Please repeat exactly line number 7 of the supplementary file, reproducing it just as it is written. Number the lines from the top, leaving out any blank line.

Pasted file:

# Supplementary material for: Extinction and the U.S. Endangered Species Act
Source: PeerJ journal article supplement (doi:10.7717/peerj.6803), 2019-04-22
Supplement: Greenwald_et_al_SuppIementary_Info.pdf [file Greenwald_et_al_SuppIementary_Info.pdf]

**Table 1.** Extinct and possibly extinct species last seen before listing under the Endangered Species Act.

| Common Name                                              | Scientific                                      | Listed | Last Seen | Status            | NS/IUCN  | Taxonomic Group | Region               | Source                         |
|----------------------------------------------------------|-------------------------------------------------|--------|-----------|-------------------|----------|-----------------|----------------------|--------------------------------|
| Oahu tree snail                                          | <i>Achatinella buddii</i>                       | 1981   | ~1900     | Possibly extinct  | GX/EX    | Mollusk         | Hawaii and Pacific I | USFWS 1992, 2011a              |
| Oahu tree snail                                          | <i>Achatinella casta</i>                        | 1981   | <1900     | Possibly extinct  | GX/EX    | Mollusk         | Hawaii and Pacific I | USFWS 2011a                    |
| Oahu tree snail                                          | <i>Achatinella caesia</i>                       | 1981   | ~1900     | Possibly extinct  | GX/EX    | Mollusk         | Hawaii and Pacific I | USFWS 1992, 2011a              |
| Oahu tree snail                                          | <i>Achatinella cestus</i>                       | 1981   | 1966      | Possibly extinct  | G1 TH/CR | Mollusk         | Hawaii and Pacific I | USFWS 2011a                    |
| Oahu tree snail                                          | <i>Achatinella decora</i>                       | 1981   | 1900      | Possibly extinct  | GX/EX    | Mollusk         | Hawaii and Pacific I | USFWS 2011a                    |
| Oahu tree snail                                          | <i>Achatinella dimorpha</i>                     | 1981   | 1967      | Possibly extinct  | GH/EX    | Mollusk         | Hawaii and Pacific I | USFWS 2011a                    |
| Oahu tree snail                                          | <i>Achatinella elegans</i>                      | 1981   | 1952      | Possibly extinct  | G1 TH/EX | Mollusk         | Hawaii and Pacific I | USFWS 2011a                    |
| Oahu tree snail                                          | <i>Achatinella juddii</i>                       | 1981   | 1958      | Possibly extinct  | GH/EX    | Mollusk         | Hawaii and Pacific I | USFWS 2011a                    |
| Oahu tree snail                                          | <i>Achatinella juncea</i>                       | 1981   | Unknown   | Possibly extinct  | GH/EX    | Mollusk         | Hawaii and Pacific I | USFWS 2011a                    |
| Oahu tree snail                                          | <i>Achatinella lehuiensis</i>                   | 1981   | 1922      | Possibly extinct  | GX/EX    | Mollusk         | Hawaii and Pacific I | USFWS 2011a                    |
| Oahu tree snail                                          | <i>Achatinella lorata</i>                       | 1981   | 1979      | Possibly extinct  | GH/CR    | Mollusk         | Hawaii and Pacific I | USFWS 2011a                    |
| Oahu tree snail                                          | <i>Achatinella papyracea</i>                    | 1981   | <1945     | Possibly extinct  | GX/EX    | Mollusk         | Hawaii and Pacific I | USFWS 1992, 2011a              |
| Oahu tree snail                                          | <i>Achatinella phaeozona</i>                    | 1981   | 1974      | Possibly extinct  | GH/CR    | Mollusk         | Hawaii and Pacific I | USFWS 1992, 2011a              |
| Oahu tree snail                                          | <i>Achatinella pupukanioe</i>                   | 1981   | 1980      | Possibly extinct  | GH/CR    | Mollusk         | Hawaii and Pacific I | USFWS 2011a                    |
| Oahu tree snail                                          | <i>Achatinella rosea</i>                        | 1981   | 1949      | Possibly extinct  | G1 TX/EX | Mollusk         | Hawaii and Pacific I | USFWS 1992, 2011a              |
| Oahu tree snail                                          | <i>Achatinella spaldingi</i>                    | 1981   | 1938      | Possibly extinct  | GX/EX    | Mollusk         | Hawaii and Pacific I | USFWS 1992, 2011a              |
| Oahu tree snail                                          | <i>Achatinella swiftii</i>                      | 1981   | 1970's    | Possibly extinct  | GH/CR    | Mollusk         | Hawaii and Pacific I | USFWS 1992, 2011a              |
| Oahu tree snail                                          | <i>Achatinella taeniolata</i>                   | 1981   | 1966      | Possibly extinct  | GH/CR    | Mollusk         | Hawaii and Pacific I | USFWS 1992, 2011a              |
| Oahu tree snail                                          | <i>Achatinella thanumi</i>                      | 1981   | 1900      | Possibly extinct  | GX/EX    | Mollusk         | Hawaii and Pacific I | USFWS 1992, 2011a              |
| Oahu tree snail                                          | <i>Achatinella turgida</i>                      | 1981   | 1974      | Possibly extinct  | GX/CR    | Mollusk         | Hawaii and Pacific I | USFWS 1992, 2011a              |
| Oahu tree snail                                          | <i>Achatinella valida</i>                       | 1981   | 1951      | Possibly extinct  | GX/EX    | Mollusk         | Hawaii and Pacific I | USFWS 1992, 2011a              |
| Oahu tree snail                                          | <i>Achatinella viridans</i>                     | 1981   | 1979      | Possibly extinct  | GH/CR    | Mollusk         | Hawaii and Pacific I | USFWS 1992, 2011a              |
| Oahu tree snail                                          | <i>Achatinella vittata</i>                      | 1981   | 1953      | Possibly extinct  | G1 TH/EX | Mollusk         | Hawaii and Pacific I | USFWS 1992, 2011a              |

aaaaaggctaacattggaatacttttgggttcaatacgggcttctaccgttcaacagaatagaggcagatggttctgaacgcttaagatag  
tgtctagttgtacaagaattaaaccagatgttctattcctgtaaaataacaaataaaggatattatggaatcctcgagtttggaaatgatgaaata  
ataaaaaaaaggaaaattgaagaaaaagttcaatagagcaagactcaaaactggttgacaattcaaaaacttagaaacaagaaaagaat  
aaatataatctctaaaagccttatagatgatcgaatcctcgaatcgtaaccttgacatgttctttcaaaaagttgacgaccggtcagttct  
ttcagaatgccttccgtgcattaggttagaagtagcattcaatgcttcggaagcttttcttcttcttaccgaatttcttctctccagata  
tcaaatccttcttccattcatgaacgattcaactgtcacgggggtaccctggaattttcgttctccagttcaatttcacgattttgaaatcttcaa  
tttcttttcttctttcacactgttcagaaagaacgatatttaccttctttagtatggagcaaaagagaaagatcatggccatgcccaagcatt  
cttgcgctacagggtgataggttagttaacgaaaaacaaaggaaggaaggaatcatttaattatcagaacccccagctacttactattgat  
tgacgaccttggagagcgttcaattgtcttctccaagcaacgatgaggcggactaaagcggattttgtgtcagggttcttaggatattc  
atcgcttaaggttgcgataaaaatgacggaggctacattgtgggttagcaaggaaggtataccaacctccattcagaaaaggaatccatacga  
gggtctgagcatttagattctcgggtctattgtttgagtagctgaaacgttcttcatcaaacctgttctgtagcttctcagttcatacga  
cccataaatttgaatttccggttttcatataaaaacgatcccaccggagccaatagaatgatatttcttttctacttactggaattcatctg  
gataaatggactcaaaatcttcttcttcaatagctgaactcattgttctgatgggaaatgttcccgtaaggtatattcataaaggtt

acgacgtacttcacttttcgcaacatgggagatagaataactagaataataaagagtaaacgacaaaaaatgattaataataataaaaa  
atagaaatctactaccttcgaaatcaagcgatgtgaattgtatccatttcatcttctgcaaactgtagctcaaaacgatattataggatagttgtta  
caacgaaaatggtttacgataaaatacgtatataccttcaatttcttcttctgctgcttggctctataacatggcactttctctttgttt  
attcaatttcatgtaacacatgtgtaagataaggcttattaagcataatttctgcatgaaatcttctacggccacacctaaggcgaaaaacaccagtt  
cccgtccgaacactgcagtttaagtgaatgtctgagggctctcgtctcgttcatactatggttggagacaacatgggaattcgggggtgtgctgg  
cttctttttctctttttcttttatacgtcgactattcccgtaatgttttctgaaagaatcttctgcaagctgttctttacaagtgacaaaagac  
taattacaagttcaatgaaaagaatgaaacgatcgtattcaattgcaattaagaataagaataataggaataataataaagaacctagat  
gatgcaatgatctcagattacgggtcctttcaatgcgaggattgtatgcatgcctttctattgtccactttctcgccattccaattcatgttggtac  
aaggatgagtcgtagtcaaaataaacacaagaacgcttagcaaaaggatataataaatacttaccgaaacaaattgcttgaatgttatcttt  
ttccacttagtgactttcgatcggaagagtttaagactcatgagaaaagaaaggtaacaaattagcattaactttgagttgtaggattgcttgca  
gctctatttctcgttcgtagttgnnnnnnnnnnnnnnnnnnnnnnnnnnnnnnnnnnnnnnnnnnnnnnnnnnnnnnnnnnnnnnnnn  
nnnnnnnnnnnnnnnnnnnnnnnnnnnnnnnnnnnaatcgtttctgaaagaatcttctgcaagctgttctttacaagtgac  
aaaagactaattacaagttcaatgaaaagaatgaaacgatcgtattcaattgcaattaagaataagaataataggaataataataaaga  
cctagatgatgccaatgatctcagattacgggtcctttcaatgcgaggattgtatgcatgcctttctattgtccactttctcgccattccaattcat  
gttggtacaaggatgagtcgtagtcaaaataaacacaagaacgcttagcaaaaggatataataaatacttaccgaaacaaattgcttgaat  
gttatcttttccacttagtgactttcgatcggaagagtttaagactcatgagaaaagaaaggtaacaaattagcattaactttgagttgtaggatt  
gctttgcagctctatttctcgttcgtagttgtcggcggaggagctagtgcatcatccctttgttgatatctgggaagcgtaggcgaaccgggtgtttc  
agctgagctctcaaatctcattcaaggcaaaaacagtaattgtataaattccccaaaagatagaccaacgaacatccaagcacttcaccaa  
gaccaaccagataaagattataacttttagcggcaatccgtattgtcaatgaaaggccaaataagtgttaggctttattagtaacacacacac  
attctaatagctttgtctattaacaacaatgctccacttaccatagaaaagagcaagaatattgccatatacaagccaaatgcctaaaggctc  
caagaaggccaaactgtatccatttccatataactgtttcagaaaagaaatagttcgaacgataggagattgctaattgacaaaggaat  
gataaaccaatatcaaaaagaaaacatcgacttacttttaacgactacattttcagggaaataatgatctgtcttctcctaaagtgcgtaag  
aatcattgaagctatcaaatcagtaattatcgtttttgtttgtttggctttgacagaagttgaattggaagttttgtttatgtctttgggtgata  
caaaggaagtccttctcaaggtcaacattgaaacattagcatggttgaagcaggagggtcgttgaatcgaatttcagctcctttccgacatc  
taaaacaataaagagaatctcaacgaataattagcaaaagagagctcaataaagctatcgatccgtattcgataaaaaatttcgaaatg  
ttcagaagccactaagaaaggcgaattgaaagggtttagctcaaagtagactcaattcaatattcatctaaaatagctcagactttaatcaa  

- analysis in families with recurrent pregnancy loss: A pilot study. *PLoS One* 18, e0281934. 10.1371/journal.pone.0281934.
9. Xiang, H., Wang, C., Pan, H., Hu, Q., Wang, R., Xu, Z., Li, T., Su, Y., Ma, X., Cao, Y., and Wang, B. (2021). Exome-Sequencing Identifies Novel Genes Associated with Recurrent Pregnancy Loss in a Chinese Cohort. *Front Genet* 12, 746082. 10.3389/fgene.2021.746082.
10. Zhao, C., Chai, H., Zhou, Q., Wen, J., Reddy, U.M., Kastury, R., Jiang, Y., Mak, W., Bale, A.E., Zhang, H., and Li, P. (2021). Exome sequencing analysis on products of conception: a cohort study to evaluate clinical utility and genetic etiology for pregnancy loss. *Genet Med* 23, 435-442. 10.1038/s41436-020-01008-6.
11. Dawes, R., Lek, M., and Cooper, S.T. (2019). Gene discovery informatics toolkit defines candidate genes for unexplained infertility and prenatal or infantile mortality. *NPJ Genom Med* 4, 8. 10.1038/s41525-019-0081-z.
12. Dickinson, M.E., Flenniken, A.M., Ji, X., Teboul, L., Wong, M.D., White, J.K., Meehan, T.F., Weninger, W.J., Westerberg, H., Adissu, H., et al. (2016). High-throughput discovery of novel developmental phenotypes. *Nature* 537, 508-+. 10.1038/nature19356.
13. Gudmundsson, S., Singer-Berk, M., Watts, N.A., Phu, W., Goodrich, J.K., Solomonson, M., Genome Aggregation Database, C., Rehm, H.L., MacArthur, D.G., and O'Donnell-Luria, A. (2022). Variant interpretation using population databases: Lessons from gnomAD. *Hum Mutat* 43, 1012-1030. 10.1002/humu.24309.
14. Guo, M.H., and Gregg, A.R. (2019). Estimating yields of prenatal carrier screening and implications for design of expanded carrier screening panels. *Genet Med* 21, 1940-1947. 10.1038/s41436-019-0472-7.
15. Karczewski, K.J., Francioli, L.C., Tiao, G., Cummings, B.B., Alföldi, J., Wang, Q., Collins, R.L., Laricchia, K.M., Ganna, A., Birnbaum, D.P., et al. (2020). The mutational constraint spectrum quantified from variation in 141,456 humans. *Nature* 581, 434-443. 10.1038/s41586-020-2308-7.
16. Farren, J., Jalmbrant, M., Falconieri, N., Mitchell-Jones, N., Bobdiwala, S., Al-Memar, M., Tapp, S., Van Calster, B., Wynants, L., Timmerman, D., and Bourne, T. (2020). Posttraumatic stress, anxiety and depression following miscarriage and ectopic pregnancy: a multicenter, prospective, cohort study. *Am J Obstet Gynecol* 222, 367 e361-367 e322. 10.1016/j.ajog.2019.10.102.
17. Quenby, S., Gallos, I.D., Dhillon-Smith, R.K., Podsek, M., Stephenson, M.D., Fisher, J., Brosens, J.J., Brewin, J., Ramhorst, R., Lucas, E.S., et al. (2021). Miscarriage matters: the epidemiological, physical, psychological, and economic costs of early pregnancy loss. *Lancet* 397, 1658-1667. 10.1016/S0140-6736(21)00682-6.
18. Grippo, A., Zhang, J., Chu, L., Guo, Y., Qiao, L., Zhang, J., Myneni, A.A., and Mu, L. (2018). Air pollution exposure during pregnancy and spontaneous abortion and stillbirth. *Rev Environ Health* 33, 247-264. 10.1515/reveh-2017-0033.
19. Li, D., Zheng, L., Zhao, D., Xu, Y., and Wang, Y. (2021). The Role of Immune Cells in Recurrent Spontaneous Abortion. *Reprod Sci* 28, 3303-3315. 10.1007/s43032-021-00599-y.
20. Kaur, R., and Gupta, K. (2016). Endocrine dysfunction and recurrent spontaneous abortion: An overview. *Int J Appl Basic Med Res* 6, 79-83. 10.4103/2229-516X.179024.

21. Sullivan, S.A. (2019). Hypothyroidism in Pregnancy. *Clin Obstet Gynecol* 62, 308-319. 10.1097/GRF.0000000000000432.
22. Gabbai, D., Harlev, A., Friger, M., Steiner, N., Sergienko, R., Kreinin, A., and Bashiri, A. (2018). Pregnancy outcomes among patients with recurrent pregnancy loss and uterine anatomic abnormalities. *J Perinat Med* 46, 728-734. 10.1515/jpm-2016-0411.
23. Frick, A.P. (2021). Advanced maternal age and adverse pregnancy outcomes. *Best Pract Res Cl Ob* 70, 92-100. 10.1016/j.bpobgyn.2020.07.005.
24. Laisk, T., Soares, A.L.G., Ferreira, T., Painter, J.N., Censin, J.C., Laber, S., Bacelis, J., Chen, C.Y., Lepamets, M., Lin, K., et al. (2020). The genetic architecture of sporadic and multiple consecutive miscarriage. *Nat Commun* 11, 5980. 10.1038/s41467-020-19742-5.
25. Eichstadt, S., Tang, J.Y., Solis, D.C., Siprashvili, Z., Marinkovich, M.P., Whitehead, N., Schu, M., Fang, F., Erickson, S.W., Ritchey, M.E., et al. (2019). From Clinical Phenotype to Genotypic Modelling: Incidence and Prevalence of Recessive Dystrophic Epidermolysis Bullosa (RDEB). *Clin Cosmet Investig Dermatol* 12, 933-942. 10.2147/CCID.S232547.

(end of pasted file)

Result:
| Oahu tree snail                                          | <i>Achatinella buddii</i>                       | 1981   | ~1900     | Possibly extinct  | GX/EX    | Mollusk         | Hawaii and Pacific I | USFWS 1992, 2011a              |